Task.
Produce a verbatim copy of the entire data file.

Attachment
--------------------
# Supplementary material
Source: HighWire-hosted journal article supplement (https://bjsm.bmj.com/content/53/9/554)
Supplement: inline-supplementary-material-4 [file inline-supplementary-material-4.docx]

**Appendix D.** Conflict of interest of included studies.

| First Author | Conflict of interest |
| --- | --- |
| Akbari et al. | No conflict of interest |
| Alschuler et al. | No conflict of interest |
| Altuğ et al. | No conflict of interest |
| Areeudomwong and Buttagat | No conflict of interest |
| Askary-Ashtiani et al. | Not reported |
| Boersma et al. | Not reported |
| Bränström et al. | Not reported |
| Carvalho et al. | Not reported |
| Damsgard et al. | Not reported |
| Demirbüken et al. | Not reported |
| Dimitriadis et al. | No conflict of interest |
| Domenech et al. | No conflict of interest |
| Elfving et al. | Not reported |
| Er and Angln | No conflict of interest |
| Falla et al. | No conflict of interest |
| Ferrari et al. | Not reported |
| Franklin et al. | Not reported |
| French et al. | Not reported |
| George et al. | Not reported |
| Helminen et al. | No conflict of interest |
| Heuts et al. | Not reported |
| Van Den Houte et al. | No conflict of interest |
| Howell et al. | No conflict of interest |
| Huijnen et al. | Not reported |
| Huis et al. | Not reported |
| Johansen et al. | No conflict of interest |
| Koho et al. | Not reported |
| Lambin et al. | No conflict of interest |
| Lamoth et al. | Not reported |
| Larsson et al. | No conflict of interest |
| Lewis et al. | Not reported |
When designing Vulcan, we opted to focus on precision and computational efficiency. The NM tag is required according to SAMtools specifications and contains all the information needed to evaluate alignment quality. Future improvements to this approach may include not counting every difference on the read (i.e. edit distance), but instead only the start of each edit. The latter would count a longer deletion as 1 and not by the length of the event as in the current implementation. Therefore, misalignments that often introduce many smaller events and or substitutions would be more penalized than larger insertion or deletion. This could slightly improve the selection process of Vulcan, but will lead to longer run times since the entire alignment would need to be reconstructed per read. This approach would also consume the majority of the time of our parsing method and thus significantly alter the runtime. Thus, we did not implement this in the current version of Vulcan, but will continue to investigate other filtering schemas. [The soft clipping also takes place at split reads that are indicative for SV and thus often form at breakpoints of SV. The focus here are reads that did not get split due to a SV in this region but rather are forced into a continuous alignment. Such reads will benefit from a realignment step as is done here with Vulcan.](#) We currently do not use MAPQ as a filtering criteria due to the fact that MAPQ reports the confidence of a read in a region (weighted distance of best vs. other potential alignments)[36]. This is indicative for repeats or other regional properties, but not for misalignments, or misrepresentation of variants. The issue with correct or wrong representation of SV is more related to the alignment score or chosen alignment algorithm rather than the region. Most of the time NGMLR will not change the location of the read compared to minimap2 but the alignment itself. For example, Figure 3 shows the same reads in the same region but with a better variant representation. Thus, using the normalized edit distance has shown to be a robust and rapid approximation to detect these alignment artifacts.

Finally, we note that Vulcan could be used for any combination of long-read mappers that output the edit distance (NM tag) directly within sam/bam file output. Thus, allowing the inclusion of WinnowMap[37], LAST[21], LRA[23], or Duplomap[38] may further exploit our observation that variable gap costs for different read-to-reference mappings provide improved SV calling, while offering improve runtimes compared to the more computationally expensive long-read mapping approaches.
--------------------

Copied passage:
# Supplementary material
Source: HighWire-hosted journal article supplement (https://bjsm.bmj.com/content/53/9/554)
Supplement: inline-supplementary-material-4 [file inline-supplementary-material-4.docx]

**Appendix D.** Conflict of interest of included studies.

| First Author | Conflict of interest |
| --- | --- |
| Akbari et al. | No conflict of interest |
| Alschuler et al. | No conflict of interest |
| Altuğ et al. | No conflict of interest |
| Areeudomwong and Buttagat | No conflict of interest |
| Askary-Ashtiani et al. | Not reported |
| Boersma et al. | Not reported |
| Bränström et al. | Not reported |
| Carvalho et al. | Not reported |
| Damsgard et al. | Not reported |
| Demirbüken et al. | Not reported |
| Dimitriadis et al. | No conflict of interest |
| Domenech et al. | No conflict of interest |
| Elfving et al. | Not reported |
| Er and Angln | No conflict of interest |
| Falla et al. | No conflict of interest |
| Ferrari et al. | Not reported |
| Franklin et al. | Not reported |
| French et al. | Not reported |
| George et al. | Not reported |
| Helminen et al. | No conflict of interest |
| Heuts et al. | Not reported |
| Van Den Houte et al. | No conflict of interest |
| Howell et al. | No conflict of interest |
| Huijnen et al. | Not reported |
| Huis et al. | Not reported |
| Johansen et al. | No conflict of interest |
| Koho et al. | Not reported |
| Lambin et al. | No conflict of interest |
| Lamoth et al. | Not reported |
| Larsson et al. | No conflict of interest |
| Lewis et al. | Not reported |
When designing Vulcan, we opted to focus on precision and computational efficiency. The NM tag is required according to SAMtools specifications and contains all the information needed to evaluate alignment quality. Future improvements to this approach may include not counting every difference on the read (i.e. edit distance), but instead only the start of each edit. The latter would count a longer deletion as 1 and not by the length of the event as in the current implementation. Therefore, misalignments that often introduce many smaller events and or substitutions would be more penalized than larger insertion or deletion. This could slightly improve the selection process of Vulcan, but will lead to longer run times since the entire alignment would need to be reconstructed per read. This approach would also consume the majority of the time of our parsing method and thus significantly alter the runtime. Thus, we did not implement this in the current version of Vulcan, but will continue to investigate other filtering schemas. [The soft clipping also takes place at split reads that are indicative for SV and thus often form at breakpoints of SV. The focus here are reads that did not get split due to a SV in this region but rather are forced into a continuous alignment. Such reads will benefit from a realignment step as is done here with Vulcan.](#) We currently do not use MAPQ as a filtering criteria due to the fact that MAPQ reports the confidence of a read in a region (weighted distance of best vs. other potential alignments)[36]. This is indicative for repeats or other regional properties, but not for misalignments, or misrepresentation of variants. The issue with correct or wrong representation of SV is more related to the alignment score or chosen alignment algorithm rather than the region. Most of the time NGMLR will not change the location of the read compared to minimap2 but the alignment itself. For example, Figure 3 shows the same reads in the same region but with a better variant representation. Thus, using the normalized edit distance has shown to be a robust and rapid approximation to detect these alignment artifacts.

Finally, we note that Vulcan could be used for any combination of long-read mappers that output the edit distance (NM tag) directly within sam/bam file output. Thus, allowing the inclusion of WinnowMap[37], LAST[21], LRA[23], or Duplomap[38] may further exploit our observation that variable gap costs for different read-to-reference mappings provide improved SV calling, while offering improve runtimes compared to the more computationally expensive long-read mapping approaches.